Looking for a credit card that pays better rewards for putting purchases on plastic? You may be shopping the wrong category of cards.
Rewards offered on traditional credit cards have been shrinking. Yet there is a certain class of cards that offers consumers a better deal: business credit cards.
A Small-Business Proposition
Small-business credit cards offer some special business-oriented benefits, such as the ability to track your expenses closely and the ability to issue cards to employees (and set limits on them). They also often offer rewards, many of which have been increased recently. While your trusty personal credit card may no longer pay you 2% or 3% on most purchases, you may be able to get that on a business card.
There are some caveats to switching your spending to a small-business credit card. The big one to remember is that the card is typically tied to you personally and not to your business -- like a regular credit card. (In other words, you are on the hook for purchases.)
Also, since these cards are not regulated by the CARD Act, banks have more freedom to boost their interest rates, according to Odysseas Papadimitriou of CardHub.com. (They also tend to be higher overall, on average.) But CARD Act protections may get applied to business cards in the future, in order to draw more customers away from personal cards.
As long as you don't plan to carry a lot of revolving debt on them, those with small businesses should consider the perks of business credit cards when shopping for a rewards program.
Business vs. Personal
LowCards.com recently highlighted some notable small-business cards. Here are a handful, as well as a comparison to personal cards offered by the same issuers:
Capital One (COF) offers its business customers a Spark Cash card paying 2% back on all purchases, while its Spark Miles card offers two miles for every dollar you charge. Both offer a bonus if you spend $1,000 in the first three months and sport a $59 annual fee (waived the first year). In contrast, the Capital One Cash personal card offers 1% back on all purchases, with no annual fee, and tacks on 50% bonuses on your annual cash back.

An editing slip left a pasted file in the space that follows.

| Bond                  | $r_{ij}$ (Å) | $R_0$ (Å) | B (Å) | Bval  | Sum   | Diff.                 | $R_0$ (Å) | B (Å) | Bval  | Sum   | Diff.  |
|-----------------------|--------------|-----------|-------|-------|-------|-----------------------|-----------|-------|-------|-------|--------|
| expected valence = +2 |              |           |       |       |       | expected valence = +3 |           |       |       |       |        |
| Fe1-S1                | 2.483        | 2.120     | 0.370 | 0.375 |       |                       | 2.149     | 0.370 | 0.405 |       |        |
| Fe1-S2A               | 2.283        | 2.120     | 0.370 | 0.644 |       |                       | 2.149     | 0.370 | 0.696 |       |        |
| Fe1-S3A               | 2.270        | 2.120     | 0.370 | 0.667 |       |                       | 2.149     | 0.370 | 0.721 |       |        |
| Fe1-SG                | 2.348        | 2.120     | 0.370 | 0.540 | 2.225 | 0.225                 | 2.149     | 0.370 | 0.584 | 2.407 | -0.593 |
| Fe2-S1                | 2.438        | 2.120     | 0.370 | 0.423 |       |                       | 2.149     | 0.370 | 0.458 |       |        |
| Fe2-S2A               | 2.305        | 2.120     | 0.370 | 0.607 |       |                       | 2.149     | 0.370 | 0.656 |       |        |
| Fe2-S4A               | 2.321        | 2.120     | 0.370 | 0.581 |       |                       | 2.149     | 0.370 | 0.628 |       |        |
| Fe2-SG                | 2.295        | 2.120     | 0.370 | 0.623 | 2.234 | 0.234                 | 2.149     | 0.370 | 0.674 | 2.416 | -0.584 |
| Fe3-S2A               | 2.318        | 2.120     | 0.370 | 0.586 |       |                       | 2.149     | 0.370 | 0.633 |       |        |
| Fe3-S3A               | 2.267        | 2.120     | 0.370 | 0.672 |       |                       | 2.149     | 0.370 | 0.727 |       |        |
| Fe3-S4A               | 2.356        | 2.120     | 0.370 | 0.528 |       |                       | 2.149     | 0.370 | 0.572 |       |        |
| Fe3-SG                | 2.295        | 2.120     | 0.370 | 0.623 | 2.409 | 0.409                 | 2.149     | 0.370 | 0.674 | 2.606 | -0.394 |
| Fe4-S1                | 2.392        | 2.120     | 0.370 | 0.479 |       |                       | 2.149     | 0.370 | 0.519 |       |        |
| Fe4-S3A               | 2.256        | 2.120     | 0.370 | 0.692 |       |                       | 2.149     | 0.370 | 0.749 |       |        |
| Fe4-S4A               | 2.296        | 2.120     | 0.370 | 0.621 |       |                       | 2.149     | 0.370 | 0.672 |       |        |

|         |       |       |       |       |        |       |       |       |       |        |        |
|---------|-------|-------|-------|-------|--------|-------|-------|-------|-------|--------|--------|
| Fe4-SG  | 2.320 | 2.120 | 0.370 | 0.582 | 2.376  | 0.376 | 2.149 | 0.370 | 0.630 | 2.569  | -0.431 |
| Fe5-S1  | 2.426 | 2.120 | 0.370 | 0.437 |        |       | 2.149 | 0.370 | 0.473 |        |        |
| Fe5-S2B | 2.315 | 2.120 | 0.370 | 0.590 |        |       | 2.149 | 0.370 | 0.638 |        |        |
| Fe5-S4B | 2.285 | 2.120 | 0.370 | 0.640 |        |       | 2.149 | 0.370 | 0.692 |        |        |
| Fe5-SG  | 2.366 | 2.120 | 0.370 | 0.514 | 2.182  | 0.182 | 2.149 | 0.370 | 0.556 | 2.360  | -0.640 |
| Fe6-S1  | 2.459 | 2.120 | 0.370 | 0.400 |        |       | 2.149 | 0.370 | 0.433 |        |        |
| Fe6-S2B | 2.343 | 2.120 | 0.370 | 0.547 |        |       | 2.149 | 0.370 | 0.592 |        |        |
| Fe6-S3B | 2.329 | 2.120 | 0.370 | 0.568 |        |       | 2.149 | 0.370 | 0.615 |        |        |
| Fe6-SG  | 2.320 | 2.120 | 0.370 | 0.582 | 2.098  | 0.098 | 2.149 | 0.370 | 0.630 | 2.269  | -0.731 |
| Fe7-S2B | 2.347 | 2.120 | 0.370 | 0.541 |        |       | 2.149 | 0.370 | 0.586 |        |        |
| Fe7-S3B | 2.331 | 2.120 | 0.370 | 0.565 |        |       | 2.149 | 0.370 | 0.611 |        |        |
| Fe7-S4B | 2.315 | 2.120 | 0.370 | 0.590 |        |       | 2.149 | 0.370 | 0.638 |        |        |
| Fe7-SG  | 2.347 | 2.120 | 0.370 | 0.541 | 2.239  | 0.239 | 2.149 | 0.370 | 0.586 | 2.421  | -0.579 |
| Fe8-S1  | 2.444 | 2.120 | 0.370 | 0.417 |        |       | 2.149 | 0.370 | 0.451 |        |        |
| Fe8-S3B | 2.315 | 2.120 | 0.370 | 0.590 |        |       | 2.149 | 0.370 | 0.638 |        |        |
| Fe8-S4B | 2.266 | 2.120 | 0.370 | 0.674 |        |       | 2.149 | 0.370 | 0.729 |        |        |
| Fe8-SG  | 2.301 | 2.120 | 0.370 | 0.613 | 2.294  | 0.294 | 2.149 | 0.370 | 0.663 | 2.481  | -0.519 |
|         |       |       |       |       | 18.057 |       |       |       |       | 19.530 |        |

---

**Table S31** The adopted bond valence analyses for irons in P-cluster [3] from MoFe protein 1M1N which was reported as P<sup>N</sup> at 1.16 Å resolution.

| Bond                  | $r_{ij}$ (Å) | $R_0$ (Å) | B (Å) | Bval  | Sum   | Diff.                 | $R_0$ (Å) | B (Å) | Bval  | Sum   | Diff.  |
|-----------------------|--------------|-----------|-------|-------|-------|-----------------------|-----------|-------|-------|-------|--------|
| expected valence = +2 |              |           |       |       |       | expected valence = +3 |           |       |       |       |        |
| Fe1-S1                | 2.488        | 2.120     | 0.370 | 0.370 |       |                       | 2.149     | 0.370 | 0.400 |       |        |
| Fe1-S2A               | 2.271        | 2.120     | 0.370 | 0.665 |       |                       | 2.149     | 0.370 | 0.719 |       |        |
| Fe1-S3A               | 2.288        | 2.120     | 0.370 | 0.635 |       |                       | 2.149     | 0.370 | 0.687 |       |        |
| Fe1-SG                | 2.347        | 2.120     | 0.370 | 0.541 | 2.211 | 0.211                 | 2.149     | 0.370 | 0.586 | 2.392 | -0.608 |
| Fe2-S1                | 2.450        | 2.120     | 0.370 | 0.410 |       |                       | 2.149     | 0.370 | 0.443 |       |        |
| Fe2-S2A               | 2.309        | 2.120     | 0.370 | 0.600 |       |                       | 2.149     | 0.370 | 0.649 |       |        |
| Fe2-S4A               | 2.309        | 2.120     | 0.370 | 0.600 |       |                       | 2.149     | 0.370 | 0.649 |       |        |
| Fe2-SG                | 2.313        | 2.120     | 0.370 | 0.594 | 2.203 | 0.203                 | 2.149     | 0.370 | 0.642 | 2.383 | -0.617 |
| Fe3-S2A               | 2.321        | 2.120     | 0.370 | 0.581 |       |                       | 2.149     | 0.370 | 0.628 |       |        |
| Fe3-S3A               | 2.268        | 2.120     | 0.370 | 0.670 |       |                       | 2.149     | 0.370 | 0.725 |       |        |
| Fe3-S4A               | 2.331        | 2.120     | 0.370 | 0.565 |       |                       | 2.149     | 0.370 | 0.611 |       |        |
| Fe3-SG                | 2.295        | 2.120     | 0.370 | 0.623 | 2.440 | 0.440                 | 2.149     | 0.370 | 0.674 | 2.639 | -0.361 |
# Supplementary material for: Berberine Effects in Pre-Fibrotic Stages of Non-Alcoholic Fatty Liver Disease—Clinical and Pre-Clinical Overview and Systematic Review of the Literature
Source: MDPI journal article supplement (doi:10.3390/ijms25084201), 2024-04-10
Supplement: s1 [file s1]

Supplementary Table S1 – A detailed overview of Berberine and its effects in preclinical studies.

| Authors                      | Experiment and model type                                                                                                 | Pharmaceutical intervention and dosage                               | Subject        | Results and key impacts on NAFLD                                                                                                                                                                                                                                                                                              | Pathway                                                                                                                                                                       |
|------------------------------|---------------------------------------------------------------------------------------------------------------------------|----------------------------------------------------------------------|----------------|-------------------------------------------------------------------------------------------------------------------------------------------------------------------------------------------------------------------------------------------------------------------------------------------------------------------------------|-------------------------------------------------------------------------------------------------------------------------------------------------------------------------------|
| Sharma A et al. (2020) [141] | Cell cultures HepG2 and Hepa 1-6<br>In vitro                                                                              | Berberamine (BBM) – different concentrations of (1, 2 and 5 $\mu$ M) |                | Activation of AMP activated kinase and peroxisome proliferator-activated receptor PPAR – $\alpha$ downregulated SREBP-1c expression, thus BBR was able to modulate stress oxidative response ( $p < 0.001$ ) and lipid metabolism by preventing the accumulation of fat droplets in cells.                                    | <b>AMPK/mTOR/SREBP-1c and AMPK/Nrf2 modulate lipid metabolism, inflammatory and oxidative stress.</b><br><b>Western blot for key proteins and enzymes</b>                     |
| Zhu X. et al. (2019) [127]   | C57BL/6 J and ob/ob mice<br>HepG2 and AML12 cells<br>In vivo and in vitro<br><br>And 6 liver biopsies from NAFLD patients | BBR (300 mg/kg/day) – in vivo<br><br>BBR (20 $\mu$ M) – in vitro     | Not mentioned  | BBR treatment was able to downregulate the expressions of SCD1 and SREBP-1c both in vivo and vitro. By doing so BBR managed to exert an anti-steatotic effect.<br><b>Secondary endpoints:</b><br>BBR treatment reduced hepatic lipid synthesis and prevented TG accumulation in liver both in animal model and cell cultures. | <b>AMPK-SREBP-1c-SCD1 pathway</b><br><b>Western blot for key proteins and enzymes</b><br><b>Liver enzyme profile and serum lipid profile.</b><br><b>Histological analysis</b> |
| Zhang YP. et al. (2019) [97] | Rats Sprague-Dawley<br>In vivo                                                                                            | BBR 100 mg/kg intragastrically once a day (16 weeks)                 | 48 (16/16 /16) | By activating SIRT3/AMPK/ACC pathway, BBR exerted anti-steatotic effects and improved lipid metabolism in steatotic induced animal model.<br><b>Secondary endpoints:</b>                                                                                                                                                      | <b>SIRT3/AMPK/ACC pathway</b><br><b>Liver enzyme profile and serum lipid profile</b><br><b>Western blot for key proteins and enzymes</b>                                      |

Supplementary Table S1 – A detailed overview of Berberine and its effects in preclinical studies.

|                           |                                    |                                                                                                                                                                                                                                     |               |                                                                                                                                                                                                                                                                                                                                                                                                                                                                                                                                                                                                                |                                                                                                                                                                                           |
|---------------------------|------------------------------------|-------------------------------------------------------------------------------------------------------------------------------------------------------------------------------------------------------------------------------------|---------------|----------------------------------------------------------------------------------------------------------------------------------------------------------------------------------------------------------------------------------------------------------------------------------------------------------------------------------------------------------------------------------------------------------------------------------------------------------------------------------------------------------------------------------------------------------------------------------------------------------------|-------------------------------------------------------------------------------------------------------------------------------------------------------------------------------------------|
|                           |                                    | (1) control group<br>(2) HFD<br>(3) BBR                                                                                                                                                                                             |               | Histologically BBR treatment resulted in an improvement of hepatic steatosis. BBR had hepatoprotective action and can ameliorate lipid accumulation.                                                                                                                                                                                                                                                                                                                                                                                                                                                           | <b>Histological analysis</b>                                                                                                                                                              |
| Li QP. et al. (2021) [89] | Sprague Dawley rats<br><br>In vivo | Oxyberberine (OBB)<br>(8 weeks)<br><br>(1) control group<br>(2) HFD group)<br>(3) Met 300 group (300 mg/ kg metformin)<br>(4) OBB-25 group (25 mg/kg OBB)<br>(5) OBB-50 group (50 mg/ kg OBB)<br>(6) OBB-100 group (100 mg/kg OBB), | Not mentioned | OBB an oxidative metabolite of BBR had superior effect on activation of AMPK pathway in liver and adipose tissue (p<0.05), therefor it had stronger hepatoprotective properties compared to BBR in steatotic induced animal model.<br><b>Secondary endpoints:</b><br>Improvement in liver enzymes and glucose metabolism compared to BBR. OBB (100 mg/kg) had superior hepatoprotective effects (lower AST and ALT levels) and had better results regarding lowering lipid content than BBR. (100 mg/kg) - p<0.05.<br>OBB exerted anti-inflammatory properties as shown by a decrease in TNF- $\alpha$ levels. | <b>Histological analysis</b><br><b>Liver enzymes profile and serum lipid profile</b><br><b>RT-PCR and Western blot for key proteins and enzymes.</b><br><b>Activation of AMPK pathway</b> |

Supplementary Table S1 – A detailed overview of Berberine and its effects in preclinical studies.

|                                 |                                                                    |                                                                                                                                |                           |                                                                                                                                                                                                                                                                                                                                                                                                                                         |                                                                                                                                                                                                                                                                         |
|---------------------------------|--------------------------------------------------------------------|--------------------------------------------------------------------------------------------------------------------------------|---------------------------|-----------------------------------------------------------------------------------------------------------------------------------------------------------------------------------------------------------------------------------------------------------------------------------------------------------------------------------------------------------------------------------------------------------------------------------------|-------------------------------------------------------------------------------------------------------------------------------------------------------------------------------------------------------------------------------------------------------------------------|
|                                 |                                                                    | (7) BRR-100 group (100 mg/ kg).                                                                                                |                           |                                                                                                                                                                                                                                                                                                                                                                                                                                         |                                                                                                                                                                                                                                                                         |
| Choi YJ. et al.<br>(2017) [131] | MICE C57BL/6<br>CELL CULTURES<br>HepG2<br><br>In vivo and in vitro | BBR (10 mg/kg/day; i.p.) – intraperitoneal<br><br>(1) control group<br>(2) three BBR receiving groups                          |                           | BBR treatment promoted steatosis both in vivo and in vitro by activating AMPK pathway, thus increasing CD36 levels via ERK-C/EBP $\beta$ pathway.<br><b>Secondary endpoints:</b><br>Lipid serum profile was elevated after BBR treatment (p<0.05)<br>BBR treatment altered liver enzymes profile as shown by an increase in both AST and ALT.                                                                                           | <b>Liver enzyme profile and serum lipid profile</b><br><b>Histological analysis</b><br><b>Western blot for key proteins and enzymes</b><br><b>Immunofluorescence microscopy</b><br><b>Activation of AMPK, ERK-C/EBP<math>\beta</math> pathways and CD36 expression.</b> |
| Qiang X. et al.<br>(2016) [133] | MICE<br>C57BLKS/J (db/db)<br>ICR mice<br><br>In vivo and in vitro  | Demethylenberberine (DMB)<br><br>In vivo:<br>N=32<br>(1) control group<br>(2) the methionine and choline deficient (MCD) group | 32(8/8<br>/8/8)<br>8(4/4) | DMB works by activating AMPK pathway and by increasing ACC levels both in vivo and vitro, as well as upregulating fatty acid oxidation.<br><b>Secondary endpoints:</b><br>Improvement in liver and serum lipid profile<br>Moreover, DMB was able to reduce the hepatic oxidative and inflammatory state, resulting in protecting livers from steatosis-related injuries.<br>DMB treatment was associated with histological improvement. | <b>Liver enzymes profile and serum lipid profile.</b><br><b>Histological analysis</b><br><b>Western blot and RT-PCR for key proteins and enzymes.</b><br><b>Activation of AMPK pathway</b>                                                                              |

J.P. Morgan Chase (JPM) offers an Ink Cash Business card paying 5% cash back at office supply, wireless, cable, and landline services; 2% cash back at restaurants and gas stations; and 1% cash back on all other business purchases. It charges no annual fee. Meanwhile, the personal Chase Freedom card offers 5% back on certain spending categories that change every three months, as well as 1% back on all other purchases. There's no annual fee.
American Express (AXP) offers a Plum Card that will give you a 1.5% discount if you pay your bill entirely within 10 days of its statement's closing date. Its annual fee is a steep $185 but is waived in the first year. For a $75 annual fee, its personal Blue Cash Preferred card is actually more enticing for many people, offering 6% back at supermarkets, 3% back at gas stations and department stores, and 1% back elsewhere. You can get 3%, 2%, and 1% back on those respective categories with a no-annual-fee Blue Cash Everyday card.
Citigroup's (C) CitiBusiness World card will pay you in points -- starting you off with 10,000 once you charge $300 in your first three months, and then one point per dollar spent on everything else. Certain expense categories will net you three points per dollar spent. There's no annual fee. The Citi Dividend World card offers 5% back on certain spending categories that change every three months, as well as 1% back on all other purchases. There's no annual fee.
Note that most of these cards also offer a few other things, as well as certain terms you'll want to examine before signing up.
For now, the best solution for many small-business owners may be to run their businesses on both personal and business cards. Revolving debt might be carried on the personal card, which should offer fewer nasty rate-hike surprises, while charging expenses you can pay off on business cards, for greater rewards.
Learn more about making the most of your plastic cards and the least of your debt at the DailyFinance Credit Center.
Longtime Motley Fool contributor Selena Maranjian owns shares of J.P. Morgan Chase and American Express, but she holds no other position in any company mentioned. Click here to see her holdings and a short bio. The Motley Fool owns shares of J.P. Morgan Chase and Citigroup. Motley Fool newsletter services have recommended writing a covered strangle position on American Express.